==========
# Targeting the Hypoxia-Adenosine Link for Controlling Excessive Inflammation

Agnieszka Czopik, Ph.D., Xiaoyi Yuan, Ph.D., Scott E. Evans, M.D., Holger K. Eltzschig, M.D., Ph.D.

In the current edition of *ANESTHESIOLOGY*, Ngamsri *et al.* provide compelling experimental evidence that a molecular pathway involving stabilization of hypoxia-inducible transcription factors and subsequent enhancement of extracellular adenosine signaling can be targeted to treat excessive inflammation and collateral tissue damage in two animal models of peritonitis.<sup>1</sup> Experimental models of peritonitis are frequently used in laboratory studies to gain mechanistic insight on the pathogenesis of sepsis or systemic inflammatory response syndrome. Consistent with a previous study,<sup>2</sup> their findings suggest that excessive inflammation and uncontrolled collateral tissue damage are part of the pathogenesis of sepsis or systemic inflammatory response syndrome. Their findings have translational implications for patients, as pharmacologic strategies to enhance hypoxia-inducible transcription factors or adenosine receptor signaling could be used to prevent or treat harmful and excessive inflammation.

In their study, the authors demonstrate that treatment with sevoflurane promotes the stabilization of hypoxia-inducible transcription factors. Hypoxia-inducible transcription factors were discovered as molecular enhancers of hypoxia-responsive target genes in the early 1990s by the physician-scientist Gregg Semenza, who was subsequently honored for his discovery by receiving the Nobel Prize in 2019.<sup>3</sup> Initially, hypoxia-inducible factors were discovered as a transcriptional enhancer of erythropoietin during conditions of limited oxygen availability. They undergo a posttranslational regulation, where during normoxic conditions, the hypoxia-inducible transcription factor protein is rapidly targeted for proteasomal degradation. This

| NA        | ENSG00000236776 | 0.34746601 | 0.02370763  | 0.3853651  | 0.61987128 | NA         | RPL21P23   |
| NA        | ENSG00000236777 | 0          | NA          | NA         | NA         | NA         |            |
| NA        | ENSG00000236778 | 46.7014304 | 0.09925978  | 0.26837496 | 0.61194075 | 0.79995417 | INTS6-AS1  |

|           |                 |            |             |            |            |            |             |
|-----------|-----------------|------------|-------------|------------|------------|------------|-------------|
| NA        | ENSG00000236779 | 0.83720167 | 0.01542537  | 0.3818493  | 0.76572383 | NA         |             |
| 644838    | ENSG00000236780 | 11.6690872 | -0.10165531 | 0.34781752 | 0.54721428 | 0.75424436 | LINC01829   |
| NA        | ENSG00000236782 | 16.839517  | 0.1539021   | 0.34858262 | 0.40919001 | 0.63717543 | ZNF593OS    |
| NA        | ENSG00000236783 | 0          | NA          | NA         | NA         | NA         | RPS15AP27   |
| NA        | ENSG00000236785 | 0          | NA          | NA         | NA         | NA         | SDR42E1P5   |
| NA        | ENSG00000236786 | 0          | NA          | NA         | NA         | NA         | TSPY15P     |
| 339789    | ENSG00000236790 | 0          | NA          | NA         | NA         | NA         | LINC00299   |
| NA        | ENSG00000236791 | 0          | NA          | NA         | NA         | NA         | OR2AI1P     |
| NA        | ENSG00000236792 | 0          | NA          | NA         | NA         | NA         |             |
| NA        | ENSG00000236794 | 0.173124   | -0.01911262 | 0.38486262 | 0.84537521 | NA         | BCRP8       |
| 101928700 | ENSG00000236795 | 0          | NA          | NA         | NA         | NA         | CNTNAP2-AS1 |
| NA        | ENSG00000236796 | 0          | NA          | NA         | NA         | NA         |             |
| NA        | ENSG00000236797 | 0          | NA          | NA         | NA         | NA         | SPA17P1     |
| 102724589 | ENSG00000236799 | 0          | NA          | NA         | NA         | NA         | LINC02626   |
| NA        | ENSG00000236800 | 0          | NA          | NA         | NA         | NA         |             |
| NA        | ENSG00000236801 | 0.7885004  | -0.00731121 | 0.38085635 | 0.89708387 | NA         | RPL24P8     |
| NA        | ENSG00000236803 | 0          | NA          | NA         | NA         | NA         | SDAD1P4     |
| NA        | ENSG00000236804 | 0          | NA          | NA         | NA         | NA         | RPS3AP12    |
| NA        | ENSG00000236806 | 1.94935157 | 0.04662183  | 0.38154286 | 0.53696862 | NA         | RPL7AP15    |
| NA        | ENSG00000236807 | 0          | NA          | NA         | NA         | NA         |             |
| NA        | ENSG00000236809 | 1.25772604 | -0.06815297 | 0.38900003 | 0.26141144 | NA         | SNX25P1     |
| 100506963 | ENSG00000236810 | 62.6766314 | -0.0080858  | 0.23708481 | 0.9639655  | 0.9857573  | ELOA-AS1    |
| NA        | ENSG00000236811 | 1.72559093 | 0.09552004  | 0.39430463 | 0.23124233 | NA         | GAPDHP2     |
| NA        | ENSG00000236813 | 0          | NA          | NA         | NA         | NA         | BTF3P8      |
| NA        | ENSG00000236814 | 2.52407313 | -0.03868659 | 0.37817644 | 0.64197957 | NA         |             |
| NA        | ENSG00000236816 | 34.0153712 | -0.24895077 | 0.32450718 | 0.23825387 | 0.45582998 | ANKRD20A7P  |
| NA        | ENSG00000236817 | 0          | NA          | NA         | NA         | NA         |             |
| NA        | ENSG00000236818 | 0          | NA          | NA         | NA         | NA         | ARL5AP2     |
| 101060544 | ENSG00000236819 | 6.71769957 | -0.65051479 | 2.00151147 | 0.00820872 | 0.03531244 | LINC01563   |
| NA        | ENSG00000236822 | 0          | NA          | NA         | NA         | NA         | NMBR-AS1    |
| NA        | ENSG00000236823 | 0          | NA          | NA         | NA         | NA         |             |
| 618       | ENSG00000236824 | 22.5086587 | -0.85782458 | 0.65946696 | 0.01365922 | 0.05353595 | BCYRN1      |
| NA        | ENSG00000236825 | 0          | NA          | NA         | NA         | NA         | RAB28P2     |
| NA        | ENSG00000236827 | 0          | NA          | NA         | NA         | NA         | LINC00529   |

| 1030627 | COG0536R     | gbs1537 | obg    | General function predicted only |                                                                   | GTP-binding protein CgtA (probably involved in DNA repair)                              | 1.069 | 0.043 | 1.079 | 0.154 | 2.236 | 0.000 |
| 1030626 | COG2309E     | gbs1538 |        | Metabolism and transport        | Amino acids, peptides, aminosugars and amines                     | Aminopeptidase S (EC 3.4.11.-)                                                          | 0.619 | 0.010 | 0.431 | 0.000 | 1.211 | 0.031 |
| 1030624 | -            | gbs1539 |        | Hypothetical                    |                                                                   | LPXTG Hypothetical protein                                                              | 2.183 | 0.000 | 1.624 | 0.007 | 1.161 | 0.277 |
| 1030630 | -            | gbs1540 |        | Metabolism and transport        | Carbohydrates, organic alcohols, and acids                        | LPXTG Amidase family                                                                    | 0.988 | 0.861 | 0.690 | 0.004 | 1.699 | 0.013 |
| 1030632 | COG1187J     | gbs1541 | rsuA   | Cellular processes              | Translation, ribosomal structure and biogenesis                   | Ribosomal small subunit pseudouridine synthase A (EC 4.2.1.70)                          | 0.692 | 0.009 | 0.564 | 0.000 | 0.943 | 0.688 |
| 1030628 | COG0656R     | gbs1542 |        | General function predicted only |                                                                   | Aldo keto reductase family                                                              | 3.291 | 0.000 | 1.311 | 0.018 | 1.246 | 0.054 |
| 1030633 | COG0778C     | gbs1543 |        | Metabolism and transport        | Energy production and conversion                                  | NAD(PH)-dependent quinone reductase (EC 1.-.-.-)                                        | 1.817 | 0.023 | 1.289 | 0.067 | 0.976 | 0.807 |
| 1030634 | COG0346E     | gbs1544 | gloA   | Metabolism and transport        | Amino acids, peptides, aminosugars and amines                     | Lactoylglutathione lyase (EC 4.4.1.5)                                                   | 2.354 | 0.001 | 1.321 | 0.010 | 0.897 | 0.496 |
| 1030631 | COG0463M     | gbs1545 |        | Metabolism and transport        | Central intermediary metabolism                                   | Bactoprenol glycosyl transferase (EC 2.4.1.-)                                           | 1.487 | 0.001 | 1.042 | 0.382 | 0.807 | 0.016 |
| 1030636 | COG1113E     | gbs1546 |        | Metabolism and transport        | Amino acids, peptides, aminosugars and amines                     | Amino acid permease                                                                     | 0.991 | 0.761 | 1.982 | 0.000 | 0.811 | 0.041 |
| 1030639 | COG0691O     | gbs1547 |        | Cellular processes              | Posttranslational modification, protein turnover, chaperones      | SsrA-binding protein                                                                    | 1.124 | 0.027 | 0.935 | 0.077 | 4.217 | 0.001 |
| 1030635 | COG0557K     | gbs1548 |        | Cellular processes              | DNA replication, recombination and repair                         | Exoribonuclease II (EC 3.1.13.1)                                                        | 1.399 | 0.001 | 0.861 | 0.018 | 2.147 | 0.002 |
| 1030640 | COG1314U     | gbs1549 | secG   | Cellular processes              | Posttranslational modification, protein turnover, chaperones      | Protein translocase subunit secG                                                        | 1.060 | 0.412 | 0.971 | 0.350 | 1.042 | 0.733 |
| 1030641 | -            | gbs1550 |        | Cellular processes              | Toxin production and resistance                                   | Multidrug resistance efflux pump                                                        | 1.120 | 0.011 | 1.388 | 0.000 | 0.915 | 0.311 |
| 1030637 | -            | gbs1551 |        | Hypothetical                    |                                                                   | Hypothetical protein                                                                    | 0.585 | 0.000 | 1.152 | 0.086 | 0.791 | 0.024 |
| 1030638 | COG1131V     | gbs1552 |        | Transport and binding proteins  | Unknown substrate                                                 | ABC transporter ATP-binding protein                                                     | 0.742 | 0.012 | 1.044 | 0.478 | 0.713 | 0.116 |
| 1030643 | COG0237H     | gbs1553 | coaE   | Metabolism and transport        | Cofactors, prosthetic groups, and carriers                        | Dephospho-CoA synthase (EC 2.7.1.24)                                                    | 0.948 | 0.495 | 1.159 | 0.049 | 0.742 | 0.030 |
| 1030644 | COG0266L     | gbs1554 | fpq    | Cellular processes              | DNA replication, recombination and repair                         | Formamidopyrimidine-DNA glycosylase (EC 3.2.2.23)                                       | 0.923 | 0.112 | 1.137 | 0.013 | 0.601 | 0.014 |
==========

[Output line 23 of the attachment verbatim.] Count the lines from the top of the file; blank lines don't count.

| 102724589 | ENSG00000236799 | 0          | NA          | NA         | NA         | NA         | LINC02626   |